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  • Writer's pictureBecky Faulks

Britain’s Most Endangered Mammal is Making a Comeback

Water voles have been spotted on the Montgomery Canal in Shropshire and Wales

 


Photo by Jonathan Ridley

 

If you’ve seen The Wind in the Willows, you’ll probably recognise the water vole, whose character ‘Ratty’ is one of the stars of the film. In real life water voles aren't actually rats, although at first glance they may look similar. Water voles are rodents that live in rivers, streams and ditches around waterways, making burrows in riverbanks. Much larger than other vole species, water voles are chestnut-brown with small ears, a blunt, rounded nose and a furry tail. They provide an important ecological role, serving as ‘engineers of the landcape' as their burrowing moves nutrients around in the soil, benefitting many plant species. This helps shape the environment where they live.



The Berkshire, Buckinghamshire & Oxfordshire Wildlife Trust (BBOWT) has reported that, since 1900 (around the time The Wind in the Willows novel was first published), water voles have lost 95% of their range. This is partly due to habitat destruction, but also due to the invasion of the American mink, which were released from fur farms by activists during the 1970s. It was a lucky escape for the mink, but a disaster for Britain’s native wildlife. Mink are voracious predators, particularly during the spring, when water voles are particularly vulnerable. To combat this, the BBOWT has spearheaded a longstanding project to bring water voles back to Britain’s waterways. The project sees the organisation monitoring water voles, identifying their needs and helping local landowners to manage sites sympathetically for the species, with mink-control measures put in place. While many water vole populations have been decreasing, the areas the project covers have seen a marked increase in their numbers.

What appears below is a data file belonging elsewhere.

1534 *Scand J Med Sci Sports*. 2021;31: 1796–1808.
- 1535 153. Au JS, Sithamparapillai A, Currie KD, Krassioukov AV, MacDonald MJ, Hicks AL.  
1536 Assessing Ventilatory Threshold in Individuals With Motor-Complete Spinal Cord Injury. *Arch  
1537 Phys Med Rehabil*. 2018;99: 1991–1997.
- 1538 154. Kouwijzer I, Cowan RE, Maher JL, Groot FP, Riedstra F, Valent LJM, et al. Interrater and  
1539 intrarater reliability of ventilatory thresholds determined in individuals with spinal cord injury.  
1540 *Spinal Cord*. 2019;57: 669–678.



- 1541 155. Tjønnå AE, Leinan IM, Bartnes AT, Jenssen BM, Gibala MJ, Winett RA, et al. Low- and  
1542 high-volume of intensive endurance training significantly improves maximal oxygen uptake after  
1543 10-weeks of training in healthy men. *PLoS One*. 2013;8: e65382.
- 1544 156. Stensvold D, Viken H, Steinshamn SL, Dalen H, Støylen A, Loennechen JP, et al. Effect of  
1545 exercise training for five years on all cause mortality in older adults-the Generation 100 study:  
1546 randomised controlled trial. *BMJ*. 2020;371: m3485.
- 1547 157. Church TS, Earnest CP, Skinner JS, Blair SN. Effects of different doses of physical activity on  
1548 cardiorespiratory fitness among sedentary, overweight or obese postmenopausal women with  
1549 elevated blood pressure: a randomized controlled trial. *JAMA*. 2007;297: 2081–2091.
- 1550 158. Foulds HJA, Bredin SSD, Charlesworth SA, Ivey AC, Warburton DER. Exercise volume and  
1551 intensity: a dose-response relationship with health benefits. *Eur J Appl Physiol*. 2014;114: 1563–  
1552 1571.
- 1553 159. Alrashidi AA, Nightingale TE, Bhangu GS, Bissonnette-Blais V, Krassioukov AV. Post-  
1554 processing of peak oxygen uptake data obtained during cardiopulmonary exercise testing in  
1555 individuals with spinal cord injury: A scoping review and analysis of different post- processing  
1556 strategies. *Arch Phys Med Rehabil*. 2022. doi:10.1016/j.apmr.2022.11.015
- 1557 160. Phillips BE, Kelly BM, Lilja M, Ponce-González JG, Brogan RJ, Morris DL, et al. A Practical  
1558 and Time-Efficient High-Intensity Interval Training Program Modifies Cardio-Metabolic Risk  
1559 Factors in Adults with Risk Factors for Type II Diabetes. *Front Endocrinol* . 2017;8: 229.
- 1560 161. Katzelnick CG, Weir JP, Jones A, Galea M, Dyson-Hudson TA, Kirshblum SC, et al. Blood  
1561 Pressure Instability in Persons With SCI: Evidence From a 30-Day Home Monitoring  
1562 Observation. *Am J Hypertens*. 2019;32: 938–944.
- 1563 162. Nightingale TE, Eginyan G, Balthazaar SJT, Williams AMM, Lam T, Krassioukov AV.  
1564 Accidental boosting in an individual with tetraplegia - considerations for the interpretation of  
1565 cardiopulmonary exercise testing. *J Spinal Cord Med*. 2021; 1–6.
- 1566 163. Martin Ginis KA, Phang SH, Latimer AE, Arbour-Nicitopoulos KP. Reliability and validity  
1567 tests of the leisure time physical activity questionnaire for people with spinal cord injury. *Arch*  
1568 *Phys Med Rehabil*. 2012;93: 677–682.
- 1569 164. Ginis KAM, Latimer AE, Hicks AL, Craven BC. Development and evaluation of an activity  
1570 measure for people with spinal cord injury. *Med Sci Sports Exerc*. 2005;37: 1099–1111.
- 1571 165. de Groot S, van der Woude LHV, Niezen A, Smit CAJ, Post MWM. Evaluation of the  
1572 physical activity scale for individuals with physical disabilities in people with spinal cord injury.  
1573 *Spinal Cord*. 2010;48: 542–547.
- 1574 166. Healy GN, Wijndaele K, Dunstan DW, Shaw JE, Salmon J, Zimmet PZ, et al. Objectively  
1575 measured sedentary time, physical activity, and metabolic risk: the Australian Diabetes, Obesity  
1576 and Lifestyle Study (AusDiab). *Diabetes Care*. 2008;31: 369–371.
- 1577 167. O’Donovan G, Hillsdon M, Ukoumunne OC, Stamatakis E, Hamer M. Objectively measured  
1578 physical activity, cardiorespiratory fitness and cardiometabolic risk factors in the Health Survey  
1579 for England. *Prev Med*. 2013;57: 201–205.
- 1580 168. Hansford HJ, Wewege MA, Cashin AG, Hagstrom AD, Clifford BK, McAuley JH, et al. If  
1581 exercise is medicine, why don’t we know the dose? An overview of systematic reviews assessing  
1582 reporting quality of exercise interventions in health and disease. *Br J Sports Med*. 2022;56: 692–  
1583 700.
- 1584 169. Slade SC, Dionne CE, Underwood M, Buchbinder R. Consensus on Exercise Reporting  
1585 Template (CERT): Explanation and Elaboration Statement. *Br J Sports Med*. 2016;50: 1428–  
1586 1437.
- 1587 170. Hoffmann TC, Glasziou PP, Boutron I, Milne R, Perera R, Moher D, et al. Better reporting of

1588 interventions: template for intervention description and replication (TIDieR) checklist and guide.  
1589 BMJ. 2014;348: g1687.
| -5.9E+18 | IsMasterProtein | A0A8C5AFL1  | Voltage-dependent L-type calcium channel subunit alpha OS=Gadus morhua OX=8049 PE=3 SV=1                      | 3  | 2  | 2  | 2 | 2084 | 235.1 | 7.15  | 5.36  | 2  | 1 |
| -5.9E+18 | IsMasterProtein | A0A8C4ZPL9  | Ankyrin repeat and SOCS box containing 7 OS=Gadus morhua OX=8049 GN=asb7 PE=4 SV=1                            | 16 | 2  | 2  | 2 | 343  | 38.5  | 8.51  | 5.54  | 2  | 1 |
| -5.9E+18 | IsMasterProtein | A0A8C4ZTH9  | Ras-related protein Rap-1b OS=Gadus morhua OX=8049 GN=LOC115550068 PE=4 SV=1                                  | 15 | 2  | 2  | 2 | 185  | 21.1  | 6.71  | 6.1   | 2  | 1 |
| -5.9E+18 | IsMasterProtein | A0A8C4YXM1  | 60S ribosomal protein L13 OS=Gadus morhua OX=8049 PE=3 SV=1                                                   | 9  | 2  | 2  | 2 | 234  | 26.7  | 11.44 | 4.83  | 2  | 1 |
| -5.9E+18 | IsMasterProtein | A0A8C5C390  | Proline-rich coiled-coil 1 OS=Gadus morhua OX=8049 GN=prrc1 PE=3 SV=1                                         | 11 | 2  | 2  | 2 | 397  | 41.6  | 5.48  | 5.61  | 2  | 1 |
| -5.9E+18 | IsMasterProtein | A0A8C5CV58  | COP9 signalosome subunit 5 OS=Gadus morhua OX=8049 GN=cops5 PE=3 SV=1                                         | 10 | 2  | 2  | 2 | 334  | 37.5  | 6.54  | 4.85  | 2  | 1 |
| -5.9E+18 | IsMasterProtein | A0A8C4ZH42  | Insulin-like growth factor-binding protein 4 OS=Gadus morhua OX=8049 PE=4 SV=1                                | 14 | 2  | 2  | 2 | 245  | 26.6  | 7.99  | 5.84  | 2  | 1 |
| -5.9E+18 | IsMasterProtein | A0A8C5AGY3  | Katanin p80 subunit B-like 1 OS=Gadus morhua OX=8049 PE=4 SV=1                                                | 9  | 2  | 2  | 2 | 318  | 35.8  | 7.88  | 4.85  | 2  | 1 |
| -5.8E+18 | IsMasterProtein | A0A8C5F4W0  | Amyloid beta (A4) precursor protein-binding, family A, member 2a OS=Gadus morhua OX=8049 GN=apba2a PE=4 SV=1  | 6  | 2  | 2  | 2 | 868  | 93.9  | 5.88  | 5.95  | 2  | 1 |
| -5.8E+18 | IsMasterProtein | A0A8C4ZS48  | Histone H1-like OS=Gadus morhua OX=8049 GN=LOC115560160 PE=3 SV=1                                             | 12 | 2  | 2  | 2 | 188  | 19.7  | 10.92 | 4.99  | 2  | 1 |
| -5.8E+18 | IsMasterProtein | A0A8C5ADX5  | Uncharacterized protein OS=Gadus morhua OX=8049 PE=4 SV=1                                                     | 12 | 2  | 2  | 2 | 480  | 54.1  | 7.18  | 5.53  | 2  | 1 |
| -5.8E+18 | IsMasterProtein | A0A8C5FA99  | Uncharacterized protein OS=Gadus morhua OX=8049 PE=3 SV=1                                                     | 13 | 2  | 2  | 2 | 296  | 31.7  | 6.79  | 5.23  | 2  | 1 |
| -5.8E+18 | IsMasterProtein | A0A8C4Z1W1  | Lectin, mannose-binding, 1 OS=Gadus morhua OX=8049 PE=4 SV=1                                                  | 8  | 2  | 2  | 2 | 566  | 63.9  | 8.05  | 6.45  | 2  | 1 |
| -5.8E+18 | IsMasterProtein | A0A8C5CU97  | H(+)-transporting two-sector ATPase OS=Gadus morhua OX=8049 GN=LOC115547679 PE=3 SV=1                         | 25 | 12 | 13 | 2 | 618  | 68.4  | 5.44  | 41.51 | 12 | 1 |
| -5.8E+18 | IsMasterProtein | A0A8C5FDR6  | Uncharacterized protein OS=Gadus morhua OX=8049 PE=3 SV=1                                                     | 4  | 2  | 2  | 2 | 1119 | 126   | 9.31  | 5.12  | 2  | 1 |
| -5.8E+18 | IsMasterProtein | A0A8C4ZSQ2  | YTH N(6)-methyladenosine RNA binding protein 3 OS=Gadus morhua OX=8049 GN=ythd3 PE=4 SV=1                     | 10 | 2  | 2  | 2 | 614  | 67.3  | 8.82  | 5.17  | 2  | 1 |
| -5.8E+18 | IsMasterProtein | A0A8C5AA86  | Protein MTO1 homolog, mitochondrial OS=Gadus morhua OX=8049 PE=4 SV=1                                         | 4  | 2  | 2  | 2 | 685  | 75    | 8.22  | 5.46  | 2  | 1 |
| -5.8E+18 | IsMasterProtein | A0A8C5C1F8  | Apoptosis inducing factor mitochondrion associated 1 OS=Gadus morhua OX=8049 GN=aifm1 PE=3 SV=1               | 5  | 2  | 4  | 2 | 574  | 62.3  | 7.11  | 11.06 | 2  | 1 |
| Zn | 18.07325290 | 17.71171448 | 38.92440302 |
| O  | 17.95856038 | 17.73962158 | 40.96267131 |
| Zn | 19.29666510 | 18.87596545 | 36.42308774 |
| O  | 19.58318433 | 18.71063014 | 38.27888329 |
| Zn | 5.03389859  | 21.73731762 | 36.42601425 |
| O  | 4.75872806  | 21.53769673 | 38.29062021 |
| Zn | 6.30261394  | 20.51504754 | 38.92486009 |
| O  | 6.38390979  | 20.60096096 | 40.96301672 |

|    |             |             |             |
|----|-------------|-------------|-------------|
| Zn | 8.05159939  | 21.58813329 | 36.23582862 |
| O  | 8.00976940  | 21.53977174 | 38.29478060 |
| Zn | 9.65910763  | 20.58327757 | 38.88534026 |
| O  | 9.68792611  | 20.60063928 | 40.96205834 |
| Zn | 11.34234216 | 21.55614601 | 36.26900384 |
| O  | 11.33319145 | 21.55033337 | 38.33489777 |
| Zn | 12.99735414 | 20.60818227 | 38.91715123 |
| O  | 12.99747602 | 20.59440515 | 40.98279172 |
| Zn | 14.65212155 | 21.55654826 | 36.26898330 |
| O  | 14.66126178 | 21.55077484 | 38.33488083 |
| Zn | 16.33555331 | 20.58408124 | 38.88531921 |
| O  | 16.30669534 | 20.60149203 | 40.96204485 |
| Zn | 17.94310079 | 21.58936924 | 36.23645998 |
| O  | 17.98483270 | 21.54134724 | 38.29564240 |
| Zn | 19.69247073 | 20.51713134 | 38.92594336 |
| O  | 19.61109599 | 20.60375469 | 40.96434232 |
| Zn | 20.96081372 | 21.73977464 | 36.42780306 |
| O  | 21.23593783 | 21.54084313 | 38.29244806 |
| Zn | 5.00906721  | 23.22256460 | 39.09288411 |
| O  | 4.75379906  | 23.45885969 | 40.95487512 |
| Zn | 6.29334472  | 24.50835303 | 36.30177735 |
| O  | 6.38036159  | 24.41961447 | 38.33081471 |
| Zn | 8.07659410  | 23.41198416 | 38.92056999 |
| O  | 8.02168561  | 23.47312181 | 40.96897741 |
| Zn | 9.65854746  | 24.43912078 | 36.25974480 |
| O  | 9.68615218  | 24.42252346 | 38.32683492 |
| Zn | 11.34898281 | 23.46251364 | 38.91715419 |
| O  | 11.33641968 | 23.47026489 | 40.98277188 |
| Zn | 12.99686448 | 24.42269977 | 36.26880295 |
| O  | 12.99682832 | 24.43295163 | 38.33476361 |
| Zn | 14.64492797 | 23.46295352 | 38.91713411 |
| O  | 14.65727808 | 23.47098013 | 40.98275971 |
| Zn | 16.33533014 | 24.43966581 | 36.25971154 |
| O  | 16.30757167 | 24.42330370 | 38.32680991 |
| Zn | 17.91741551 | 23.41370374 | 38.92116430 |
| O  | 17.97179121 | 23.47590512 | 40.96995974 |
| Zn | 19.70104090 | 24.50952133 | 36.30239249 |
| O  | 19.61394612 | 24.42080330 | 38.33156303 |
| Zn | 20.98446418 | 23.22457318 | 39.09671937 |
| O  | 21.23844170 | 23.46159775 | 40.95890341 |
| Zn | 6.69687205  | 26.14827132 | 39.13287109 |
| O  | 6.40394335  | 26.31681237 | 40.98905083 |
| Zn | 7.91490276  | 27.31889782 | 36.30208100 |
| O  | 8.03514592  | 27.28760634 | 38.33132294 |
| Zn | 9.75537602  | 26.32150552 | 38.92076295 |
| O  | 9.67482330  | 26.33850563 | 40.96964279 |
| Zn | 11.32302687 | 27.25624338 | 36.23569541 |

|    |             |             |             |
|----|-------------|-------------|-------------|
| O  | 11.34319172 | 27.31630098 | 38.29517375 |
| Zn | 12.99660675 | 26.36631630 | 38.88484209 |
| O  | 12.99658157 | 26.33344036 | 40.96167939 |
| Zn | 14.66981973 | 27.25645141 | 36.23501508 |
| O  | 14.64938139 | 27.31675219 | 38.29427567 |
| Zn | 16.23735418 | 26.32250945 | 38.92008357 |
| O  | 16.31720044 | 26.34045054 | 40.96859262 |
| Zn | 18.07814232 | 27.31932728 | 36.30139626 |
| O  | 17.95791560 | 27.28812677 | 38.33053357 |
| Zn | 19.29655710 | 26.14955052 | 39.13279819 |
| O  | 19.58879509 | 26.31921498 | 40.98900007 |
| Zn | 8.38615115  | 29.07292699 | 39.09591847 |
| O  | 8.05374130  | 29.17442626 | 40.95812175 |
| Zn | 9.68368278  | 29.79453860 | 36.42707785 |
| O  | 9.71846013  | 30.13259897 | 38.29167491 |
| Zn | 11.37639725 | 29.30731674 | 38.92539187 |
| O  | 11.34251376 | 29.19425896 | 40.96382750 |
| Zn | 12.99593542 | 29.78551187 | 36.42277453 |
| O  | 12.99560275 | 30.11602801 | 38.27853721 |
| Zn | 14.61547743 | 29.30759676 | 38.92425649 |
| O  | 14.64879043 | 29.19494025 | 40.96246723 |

The Canal & River Trust (CRT) is also involved in the recovery, mentioning several focused projects that are underway to help the endangered mammals. One of these is called ‘The Green Recovery Challenge Fund’, which uses money from the Heritage Lottery for environmental renewal. This identifies mink-free areas (areas where there have been no evidence or sightings of mink) to create habitats. CRT ecologist Jenny Spelling said that water voles were ‘an integral part of our ecosystem and their burrowing, feeding, and hiding places provide the conditions for other animal and plant-life to flourish.’ She added that the trust was making good progress, even if it was a little slow.


This isn’t the first time an CRT effort to boost biodiversity has paid off. Last year, new floating reed beds were introduced to Gloucester docks and Reading to attract birds and insects and provide shelter for fish. The introduction is part of an ongoing series of projects to bring greenery back to cities and give them a more natural feel. Mark Avon, a CRT representative for Reading, explained: ‘We have seen how successful these floating reed beds have been on other parts of our canal network and were keen to bring them to Reading. It is especially important as the Kennet & Avon canal gives people living, working and shopping here a place to escape city life and enjoy a breath of fresh air.

 

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